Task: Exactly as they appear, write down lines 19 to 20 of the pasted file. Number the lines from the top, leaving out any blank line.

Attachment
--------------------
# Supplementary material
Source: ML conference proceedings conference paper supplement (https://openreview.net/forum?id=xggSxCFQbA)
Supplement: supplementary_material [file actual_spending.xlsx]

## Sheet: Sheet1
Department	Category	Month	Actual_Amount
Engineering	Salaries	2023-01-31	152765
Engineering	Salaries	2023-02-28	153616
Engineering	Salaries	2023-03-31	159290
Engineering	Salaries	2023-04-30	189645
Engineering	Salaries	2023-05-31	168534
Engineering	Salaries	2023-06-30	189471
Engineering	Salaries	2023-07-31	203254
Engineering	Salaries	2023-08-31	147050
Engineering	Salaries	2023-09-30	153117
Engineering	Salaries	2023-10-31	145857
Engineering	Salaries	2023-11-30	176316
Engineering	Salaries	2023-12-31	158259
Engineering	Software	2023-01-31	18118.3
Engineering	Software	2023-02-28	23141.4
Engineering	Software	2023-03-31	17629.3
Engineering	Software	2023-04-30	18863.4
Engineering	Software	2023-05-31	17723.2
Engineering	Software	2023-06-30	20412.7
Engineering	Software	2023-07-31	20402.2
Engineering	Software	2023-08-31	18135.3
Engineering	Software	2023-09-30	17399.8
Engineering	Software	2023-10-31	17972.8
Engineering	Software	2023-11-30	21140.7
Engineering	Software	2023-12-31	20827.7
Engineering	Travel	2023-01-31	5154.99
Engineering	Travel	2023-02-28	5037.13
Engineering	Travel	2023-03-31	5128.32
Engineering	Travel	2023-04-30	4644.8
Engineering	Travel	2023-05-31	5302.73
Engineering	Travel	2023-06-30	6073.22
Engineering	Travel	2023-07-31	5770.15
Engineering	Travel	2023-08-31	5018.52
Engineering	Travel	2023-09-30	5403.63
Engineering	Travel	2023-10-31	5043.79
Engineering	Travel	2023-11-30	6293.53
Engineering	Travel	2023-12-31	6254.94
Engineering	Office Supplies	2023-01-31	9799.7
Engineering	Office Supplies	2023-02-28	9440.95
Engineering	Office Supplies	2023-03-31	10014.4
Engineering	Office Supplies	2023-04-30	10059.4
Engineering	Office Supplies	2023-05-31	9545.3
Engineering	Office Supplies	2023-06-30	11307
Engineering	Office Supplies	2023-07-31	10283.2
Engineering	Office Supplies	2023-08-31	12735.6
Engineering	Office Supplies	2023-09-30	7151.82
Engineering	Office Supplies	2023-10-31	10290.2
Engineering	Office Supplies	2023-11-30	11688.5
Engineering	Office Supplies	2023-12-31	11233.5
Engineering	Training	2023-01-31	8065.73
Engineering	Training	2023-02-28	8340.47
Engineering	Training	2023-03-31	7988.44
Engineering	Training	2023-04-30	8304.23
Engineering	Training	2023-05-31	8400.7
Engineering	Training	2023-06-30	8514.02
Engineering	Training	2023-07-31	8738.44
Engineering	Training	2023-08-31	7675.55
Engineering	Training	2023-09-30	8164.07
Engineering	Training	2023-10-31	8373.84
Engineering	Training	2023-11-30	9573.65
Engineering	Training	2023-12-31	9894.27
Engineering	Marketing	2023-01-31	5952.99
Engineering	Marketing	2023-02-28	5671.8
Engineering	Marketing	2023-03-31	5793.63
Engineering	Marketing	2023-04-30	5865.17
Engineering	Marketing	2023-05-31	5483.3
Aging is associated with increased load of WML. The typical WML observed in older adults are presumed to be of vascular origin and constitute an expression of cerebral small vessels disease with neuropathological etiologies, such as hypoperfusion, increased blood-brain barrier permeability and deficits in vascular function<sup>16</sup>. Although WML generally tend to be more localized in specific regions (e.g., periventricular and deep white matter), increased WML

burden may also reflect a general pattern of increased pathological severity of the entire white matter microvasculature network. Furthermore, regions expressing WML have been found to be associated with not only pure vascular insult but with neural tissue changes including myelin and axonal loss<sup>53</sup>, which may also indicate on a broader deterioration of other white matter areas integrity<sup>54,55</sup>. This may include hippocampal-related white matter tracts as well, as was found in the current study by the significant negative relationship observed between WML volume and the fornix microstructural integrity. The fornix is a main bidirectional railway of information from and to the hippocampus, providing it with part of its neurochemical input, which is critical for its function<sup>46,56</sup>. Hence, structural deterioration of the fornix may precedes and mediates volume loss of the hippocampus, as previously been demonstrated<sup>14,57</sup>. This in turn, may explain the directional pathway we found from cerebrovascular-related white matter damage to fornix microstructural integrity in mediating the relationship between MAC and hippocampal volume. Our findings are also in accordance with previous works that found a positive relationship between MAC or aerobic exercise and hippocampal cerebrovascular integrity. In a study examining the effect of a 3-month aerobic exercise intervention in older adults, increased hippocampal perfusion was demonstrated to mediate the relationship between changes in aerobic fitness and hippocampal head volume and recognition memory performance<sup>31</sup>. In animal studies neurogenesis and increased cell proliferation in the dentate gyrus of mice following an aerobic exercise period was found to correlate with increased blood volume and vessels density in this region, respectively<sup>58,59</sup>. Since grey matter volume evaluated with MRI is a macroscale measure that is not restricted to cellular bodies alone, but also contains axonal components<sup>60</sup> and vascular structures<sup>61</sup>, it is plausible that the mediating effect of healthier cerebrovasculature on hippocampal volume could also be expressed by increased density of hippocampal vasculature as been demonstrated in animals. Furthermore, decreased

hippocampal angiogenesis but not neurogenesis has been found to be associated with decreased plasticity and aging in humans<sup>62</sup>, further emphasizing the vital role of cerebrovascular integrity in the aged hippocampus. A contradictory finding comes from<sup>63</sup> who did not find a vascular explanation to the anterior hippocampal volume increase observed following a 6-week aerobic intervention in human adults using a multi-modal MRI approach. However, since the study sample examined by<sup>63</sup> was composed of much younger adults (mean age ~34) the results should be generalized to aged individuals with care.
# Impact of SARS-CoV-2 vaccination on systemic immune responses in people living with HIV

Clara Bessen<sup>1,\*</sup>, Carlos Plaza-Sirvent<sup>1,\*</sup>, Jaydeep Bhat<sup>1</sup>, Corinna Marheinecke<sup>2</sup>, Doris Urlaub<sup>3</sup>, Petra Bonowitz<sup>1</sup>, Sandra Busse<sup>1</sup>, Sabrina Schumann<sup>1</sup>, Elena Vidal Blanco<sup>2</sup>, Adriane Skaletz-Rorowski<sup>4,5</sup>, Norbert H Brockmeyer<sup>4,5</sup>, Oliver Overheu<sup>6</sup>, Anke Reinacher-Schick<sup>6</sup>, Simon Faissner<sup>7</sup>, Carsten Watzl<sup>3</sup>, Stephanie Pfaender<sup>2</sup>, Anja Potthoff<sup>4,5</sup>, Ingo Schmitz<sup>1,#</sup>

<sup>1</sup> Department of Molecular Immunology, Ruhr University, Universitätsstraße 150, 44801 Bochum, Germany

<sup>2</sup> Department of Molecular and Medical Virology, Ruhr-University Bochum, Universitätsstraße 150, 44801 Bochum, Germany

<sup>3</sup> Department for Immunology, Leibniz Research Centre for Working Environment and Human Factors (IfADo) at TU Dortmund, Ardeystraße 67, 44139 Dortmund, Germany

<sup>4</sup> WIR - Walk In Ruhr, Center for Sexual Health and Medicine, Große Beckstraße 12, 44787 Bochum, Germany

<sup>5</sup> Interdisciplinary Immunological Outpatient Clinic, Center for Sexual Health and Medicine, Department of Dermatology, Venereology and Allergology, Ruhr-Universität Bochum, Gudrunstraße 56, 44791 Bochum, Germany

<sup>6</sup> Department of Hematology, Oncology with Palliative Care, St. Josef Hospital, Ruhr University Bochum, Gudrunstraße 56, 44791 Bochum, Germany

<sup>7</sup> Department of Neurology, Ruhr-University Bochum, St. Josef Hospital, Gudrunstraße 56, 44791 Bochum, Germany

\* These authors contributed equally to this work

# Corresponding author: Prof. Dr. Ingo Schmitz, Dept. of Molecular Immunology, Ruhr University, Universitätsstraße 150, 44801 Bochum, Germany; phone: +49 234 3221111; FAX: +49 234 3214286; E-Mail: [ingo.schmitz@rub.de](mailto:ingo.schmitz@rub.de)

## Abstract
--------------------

Engineering	Software	2023-02-28	23141.4
Engineering	Software	2023-03-31	17629.3